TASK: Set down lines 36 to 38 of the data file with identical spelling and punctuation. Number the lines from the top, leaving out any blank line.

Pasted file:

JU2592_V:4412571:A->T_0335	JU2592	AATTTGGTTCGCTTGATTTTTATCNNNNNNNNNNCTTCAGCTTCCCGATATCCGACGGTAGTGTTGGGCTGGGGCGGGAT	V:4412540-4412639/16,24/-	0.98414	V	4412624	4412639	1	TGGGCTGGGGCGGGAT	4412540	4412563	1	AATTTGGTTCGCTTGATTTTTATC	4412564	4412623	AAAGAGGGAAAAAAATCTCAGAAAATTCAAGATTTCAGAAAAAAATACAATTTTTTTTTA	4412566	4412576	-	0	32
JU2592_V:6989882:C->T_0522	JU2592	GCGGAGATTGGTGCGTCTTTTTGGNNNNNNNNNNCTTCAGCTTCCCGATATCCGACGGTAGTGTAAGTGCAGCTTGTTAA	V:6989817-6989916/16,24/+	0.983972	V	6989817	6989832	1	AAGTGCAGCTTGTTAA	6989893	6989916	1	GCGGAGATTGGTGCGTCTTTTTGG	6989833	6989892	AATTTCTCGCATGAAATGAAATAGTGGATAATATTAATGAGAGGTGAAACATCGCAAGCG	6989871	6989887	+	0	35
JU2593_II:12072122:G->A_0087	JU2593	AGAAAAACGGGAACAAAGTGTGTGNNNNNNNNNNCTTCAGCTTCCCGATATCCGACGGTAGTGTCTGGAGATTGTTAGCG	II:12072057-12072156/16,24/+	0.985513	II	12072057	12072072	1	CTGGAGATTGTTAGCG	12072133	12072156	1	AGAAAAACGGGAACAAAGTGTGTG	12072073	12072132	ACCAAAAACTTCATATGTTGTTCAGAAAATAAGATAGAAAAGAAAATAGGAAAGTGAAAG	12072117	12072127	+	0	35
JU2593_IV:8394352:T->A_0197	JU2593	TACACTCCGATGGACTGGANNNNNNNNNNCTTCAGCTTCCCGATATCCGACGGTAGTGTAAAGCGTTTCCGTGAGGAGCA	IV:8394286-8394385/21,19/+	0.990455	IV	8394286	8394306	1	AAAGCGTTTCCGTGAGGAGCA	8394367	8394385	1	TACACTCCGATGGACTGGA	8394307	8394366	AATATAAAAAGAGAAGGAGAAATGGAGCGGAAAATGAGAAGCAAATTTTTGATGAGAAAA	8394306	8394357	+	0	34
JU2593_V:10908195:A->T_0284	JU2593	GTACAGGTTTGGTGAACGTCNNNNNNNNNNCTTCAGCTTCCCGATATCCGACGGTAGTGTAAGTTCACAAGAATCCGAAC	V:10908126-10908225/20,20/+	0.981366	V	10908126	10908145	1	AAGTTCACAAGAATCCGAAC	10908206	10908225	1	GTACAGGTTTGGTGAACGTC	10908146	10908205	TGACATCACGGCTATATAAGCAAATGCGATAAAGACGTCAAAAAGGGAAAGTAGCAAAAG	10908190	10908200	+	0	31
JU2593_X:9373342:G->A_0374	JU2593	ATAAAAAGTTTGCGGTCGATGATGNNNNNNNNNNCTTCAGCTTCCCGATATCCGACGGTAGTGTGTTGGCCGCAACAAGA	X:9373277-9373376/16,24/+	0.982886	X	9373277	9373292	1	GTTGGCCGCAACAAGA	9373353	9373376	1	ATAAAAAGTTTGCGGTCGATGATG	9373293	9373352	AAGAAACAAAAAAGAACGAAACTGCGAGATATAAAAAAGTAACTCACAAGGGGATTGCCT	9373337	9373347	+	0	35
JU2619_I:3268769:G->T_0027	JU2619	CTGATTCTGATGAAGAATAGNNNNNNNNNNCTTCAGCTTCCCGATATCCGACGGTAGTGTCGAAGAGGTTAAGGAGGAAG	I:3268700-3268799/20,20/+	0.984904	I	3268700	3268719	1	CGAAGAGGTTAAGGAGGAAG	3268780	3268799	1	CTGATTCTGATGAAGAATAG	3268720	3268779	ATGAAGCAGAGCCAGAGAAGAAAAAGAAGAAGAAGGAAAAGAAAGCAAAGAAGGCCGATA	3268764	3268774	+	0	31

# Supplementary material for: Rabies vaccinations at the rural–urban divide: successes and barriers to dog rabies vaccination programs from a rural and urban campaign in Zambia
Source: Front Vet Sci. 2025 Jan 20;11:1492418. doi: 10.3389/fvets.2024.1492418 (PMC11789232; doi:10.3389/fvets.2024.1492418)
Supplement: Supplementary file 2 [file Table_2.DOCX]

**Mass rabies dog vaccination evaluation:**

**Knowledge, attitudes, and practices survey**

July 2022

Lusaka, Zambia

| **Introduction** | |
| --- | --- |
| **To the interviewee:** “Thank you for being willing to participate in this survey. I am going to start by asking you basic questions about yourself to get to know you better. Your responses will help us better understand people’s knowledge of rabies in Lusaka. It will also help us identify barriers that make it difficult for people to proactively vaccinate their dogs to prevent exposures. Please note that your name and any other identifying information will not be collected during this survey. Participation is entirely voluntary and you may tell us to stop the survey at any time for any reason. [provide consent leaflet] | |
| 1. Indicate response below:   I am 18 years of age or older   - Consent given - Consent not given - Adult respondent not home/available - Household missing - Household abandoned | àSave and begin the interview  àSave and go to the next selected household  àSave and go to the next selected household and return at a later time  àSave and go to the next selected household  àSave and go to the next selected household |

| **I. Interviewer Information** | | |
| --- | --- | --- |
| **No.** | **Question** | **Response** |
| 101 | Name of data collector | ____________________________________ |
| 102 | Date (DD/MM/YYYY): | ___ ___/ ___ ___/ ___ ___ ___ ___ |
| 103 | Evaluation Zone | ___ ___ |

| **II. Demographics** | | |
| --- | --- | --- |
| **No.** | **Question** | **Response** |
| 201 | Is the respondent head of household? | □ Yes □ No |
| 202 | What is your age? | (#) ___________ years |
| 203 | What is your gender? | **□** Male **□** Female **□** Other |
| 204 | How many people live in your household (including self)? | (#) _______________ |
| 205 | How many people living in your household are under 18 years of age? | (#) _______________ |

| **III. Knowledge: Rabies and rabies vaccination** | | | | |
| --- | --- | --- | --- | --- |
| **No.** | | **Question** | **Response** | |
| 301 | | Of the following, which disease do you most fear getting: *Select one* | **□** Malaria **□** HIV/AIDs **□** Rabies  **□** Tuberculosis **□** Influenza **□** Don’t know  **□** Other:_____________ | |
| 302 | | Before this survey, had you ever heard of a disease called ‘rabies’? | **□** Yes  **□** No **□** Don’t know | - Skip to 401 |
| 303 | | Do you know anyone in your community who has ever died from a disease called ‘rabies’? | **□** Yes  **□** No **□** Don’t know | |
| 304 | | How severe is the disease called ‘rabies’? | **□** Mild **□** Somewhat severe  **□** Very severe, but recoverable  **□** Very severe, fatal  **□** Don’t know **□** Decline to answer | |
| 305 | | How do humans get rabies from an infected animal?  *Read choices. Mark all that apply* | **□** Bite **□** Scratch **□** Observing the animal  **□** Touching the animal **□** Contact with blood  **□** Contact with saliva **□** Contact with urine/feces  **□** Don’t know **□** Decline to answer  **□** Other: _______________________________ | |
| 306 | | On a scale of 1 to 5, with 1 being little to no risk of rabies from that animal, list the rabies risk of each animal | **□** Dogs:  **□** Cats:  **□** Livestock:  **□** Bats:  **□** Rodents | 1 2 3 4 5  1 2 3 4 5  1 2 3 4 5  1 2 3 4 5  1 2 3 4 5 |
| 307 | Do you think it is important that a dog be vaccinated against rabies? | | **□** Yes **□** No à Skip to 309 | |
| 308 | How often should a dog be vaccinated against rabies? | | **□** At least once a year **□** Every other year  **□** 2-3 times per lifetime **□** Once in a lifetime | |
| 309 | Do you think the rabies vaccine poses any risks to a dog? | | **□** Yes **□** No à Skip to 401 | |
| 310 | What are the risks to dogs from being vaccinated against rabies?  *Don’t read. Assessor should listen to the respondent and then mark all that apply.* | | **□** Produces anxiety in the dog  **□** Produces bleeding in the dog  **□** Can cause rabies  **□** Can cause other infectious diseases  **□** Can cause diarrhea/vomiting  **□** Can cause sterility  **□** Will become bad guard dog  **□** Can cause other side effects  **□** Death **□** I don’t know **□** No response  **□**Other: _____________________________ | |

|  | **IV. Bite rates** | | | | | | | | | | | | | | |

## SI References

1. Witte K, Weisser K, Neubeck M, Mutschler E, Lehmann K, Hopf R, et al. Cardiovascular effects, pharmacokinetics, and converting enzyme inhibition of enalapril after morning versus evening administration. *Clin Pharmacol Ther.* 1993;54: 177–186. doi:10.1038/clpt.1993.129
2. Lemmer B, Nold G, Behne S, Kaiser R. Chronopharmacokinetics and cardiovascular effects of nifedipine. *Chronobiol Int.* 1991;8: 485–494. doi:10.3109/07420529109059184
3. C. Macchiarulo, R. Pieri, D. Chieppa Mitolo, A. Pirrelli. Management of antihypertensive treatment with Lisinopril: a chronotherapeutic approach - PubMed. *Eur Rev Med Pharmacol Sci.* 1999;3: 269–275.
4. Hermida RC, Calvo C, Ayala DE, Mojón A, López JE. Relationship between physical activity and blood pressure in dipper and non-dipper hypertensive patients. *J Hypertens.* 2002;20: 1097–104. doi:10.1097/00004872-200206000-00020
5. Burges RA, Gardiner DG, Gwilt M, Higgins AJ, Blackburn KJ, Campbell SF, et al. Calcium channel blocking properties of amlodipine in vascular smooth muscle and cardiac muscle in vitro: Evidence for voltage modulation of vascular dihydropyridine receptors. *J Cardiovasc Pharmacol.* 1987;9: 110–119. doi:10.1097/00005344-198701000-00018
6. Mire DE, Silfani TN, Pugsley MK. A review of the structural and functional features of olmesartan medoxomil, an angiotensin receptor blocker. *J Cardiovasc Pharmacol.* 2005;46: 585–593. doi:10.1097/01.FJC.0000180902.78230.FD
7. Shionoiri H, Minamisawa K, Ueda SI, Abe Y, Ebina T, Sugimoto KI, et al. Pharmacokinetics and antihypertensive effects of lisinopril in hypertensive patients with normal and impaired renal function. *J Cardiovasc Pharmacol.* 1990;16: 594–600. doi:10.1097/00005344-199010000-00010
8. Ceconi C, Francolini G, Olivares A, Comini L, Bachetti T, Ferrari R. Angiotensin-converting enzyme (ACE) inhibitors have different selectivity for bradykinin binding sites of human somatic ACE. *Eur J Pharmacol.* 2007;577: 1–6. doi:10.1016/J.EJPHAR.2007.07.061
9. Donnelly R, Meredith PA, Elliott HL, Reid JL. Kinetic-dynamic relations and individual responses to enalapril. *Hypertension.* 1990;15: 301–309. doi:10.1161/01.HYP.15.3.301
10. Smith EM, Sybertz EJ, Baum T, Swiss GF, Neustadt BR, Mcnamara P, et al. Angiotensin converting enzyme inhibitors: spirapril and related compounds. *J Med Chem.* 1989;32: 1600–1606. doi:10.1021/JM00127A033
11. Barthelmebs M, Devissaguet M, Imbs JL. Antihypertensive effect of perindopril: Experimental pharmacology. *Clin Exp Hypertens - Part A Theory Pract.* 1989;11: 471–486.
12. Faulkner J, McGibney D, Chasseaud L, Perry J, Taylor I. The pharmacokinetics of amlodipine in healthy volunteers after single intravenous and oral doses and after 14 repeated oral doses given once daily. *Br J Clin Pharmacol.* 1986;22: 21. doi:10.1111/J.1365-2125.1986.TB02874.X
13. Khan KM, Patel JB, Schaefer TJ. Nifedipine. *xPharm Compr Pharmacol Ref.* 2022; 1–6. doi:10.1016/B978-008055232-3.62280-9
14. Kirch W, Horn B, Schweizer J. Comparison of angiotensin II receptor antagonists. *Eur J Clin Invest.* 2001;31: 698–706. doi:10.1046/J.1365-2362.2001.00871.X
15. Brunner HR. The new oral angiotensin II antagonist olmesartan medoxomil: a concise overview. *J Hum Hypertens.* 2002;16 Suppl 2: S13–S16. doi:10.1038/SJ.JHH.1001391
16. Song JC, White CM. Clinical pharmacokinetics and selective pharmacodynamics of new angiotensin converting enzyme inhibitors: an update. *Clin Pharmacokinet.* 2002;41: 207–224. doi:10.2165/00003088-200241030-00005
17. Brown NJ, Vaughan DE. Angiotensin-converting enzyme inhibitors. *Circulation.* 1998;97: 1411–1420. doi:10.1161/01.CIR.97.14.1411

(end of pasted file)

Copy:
| 301 | | Of the following, which disease do you most fear getting: *Select one* | **□** Malaria **□** HIV/AIDs **□** Rabies  **□** Tuberculosis **□** Influenza **□** Don’t know  **□** Other:_____________ | |
| 302 | | Before this survey, had you ever heard of a disease called ‘rabies’? | **□** Yes  **□** No **□** Don’t know | - Skip to 401 |
| 303 | | Do you know anyone in your community who has ever died from a disease called ‘rabies’? | **□** Yes  **□** No **□** Don’t know | |